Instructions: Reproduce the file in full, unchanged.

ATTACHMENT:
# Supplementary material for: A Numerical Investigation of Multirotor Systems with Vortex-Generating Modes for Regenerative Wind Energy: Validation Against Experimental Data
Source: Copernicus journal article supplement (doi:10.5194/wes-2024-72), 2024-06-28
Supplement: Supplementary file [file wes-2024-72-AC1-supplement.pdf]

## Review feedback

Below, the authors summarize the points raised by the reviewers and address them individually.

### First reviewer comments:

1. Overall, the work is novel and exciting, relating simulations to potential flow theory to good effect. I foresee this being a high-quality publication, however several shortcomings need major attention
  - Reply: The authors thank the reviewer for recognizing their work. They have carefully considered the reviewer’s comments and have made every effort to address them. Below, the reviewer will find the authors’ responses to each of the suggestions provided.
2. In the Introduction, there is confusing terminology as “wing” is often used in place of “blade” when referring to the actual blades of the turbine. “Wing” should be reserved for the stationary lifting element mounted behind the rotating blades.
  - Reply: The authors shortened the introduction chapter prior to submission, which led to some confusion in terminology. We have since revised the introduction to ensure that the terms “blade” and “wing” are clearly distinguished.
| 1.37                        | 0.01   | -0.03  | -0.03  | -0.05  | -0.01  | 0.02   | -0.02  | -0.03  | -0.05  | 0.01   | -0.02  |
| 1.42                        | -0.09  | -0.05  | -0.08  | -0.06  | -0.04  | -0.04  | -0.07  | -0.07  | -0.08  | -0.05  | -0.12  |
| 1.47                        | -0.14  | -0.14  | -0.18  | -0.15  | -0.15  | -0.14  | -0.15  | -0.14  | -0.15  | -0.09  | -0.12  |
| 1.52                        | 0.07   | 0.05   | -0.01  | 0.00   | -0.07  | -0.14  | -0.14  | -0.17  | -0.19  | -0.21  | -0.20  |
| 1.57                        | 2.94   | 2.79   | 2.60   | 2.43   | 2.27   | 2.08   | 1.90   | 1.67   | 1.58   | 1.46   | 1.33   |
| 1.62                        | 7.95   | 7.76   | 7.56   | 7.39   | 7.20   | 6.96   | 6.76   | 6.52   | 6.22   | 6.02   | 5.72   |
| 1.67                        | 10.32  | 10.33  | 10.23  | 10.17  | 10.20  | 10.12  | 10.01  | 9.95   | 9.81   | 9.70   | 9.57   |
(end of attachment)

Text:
# Supplementary material for: A Numerical Investigation of Multirotor Systems with Vortex-Generating Modes for Regenerative Wind Energy: Validation Against Experimental Data
Source: Copernicus journal article supplement (doi:10.5194/wes-2024-72), 2024-06-28
Supplement: Supplementary file [file wes-2024-72-AC1-supplement.pdf]

## Review feedback

Below, the authors summarize the points raised by the reviewers and address them individually.

### First reviewer comments:

1. Overall, the work is novel and exciting, relating simulations to potential flow theory to good effect. I foresee this being a high-quality publication, however several shortcomings need major attention
  - Reply: The authors thank the reviewer for recognizing their work. They have carefully considered the reviewer’s comments and have made every effort to address them. Below, the reviewer will find the authors’ responses to each of the suggestions provided.
2. In the Introduction, there is confusing terminology as “wing” is often used in place of “blade” when referring to the actual blades of the turbine. “Wing” should be reserved for the stationary lifting element mounted behind the rotating blades.
  - Reply: The authors shortened the introduction chapter prior to submission, which led to some confusion in terminology. We have since revised the introduction to ensure that the terms “blade” and “wing” are clearly distinguished.
| 1.37                        | 0.01   | -0.03  | -0.03  | -0.05  | -0.01  | 0.02   | -0.02  | -0.03  | -0.05  | 0.01   | -0.02  |
| 1.42                        | -0.09  | -0.05  | -0.08  | -0.06  | -0.04  | -0.04  | -0.07  | -0.07  | -0.08  | -0.05  | -0.12  |
| 1.47                        | -0.14  | -0.14  | -0.18  | -0.15  | -0.15  | -0.14  | -0.15  | -0.14  | -0.15  | -0.09  | -0.12  |
| 1.52                        | 0.07   | 0.05   | -0.01  | 0.00   | -0.07  | -0.14  | -0.14  | -0.17  | -0.19  | -0.21  | -0.20  |
| 1.57                        | 2.94   | 2.79   | 2.60   | 2.43   | 2.27   | 2.08   | 1.90   | 1.67   | 1.58   | 1.46   | 1.33   |
| 1.62                        | 7.95   | 7.76   | 7.56   | 7.39   | 7.20   | 6.96   | 6.76   | 6.52   | 6.22   | 6.02   | 5.72   |
| 1.67                        | 10.32  | 10.33  | 10.23  | 10.17  | 10.20  | 10.12  | 10.01  | 9.95   | 9.81   | 9.70   | 9.57   |